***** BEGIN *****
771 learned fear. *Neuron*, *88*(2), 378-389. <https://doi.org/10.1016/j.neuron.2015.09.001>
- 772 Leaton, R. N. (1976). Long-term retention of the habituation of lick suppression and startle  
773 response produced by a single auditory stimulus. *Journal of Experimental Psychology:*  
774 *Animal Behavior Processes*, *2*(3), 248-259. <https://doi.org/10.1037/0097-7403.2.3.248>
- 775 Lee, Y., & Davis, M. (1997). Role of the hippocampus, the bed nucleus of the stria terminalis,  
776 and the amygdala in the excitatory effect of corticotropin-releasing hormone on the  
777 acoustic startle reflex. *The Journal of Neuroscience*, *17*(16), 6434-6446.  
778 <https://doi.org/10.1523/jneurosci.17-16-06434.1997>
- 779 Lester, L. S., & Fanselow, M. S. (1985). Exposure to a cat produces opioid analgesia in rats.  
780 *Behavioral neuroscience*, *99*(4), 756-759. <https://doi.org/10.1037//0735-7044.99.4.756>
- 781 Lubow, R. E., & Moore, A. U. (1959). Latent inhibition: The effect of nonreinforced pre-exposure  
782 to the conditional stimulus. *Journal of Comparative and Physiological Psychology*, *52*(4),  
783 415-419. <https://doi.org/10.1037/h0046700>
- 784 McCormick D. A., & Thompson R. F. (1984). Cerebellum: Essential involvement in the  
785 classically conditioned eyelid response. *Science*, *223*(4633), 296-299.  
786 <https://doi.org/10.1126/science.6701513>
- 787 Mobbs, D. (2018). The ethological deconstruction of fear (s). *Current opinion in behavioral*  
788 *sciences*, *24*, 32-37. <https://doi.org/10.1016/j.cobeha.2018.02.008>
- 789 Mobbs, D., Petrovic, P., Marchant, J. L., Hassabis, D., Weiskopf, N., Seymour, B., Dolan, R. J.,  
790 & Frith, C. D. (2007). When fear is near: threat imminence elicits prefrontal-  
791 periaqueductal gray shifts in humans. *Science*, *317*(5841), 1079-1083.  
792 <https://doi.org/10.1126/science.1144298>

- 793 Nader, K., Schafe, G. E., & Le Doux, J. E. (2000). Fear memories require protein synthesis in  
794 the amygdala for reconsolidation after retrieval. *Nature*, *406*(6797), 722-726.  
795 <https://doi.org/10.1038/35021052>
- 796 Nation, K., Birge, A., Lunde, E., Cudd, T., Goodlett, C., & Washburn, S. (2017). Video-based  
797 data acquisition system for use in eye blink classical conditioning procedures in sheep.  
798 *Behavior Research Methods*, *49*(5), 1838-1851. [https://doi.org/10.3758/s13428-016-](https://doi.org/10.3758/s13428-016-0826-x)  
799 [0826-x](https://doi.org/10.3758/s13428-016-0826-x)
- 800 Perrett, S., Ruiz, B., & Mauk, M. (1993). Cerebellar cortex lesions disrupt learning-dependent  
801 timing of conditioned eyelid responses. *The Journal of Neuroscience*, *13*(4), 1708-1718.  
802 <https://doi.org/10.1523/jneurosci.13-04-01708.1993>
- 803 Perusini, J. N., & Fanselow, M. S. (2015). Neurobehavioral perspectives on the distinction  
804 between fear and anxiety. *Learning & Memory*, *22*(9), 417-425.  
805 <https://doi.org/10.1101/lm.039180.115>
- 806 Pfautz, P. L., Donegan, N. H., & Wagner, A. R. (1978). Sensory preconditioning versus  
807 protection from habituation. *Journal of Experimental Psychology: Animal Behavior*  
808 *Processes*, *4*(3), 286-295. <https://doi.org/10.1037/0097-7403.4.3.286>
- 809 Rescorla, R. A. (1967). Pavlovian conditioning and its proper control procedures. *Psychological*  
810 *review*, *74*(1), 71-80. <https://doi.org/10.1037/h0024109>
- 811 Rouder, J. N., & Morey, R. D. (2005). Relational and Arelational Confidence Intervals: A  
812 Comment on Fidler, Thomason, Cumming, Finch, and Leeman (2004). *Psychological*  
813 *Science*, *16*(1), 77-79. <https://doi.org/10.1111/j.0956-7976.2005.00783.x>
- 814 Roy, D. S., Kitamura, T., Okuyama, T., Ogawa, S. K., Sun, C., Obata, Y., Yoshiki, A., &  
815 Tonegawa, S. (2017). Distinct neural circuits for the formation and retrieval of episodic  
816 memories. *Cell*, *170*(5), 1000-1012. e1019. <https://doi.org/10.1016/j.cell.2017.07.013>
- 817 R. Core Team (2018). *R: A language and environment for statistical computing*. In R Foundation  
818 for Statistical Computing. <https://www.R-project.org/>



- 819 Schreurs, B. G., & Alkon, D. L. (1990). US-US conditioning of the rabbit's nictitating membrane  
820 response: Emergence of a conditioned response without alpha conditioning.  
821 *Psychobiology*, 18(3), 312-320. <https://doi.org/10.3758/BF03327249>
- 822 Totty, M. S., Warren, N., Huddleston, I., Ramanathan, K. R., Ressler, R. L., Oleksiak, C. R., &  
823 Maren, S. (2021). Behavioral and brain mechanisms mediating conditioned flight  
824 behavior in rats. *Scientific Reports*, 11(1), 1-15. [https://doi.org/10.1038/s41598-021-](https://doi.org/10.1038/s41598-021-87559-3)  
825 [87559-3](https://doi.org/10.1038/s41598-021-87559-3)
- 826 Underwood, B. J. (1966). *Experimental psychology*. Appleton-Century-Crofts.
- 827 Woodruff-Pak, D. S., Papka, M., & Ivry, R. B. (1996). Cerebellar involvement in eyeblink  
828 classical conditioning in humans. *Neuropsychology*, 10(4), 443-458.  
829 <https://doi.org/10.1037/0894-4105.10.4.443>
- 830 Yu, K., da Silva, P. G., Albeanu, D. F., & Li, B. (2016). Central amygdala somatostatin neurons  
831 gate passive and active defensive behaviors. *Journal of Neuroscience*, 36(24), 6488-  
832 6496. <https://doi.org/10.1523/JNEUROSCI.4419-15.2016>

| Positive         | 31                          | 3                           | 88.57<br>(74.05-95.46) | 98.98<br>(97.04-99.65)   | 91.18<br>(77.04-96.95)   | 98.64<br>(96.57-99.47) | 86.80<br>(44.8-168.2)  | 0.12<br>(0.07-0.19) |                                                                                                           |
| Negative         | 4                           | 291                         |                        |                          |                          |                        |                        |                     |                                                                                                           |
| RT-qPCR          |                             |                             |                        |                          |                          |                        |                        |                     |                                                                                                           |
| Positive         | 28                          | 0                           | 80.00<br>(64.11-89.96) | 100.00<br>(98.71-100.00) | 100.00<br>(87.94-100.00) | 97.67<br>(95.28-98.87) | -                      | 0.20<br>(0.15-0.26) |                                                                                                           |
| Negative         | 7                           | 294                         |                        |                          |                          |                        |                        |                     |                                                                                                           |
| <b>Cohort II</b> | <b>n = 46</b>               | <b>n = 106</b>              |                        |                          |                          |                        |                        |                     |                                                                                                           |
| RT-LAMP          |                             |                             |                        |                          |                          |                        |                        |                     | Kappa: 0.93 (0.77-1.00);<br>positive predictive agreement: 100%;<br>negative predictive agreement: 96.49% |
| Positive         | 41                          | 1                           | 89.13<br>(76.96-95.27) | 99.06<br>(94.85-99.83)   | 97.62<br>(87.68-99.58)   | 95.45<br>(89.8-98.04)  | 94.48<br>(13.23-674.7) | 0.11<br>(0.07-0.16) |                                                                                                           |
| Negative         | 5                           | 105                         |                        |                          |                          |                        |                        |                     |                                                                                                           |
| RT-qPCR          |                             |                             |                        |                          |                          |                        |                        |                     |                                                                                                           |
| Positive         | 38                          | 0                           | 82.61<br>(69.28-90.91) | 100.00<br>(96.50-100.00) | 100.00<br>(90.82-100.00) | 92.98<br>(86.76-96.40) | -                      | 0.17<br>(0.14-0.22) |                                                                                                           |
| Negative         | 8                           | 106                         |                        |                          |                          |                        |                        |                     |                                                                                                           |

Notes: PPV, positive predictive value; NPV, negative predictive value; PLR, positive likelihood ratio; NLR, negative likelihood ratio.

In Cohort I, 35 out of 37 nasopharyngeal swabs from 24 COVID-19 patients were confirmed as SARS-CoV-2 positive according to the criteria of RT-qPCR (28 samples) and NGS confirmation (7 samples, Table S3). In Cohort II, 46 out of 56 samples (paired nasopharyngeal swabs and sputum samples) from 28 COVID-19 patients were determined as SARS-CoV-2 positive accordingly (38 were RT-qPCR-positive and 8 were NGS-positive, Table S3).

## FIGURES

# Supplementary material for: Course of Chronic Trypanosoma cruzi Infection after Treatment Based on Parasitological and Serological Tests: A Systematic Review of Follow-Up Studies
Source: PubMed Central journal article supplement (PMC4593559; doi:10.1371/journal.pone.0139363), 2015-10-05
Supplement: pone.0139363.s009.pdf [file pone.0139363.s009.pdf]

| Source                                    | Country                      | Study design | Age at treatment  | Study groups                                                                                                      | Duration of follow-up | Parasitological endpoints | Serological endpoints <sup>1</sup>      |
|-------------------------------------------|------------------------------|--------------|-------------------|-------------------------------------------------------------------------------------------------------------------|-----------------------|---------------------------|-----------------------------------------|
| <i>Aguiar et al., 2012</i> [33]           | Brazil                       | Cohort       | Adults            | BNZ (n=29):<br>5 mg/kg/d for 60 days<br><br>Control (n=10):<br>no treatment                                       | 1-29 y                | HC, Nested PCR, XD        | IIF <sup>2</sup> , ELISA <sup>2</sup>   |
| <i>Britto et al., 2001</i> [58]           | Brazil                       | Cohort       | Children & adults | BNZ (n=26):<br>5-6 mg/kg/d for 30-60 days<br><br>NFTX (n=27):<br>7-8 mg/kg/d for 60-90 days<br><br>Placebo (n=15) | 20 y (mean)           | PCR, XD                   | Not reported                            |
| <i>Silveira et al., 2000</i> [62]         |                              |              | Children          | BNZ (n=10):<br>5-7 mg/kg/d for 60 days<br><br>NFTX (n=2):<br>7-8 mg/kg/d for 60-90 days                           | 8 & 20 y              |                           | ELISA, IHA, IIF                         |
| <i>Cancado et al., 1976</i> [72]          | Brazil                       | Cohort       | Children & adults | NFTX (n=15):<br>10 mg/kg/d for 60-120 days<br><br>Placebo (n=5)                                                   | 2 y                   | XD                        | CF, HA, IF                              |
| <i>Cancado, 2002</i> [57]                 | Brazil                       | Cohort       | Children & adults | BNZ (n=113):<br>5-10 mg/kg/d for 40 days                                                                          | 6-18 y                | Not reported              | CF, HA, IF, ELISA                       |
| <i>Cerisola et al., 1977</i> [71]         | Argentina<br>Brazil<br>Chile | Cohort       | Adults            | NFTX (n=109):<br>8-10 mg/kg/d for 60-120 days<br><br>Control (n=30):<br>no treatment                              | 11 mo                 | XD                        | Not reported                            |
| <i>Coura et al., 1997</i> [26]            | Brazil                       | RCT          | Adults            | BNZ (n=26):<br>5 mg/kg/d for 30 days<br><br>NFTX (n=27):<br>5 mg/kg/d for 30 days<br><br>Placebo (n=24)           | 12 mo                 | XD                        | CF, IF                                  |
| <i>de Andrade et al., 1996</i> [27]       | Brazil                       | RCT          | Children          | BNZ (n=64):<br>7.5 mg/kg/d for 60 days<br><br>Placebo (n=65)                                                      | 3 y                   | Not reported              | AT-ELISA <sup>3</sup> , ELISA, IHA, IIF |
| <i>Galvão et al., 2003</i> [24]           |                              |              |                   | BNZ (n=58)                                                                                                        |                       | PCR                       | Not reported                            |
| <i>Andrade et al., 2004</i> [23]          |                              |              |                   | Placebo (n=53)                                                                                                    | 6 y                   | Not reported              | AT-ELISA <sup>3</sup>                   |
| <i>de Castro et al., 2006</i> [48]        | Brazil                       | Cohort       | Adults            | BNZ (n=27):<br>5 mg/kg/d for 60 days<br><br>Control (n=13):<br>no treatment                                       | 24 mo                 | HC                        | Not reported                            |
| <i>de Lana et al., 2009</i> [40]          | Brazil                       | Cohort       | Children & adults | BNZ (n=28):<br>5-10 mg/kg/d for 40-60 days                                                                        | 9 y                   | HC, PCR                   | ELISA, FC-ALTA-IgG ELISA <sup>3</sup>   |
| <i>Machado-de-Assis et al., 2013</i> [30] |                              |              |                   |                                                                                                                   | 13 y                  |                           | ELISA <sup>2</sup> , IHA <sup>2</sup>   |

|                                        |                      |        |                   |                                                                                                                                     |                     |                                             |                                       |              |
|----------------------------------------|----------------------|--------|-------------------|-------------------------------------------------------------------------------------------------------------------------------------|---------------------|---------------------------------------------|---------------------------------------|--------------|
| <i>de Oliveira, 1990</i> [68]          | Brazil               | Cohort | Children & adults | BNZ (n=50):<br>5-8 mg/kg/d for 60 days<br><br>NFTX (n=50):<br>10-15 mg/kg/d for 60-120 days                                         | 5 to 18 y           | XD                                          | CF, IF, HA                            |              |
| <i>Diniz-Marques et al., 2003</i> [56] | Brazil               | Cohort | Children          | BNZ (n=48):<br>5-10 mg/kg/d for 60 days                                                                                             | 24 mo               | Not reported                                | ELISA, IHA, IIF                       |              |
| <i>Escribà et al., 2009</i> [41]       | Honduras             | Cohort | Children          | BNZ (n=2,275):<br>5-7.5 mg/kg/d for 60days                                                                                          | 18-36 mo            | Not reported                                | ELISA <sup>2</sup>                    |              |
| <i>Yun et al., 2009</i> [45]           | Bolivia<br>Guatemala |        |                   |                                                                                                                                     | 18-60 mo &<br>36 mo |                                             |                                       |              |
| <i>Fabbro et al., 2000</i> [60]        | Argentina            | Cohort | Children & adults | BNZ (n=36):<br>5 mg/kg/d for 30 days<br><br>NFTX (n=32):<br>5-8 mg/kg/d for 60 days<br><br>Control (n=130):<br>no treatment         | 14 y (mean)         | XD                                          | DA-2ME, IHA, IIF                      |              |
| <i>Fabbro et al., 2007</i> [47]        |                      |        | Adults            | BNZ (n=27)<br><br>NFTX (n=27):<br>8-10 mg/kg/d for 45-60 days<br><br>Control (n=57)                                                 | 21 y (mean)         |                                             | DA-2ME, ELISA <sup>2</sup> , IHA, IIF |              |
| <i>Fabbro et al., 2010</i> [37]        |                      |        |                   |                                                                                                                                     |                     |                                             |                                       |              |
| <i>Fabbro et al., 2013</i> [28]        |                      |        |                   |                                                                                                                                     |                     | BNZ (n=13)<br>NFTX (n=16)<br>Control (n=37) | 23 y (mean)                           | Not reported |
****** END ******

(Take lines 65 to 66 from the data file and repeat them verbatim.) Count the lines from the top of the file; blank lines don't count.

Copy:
| RT-qPCR          |                             |                             |                        |                          |                          |                        |                        |                     |                                                                                                           |
| Positive         | 28                          | 0                           | 80.00<br>(64.11-89.96) | 100.00<br>(98.71-100.00) | 100.00<br>(87.94-100.00) | 97.67<br>(95.28-98.87) | -                      | 0.20<br>(0.15-0.26) |                                                                                                           |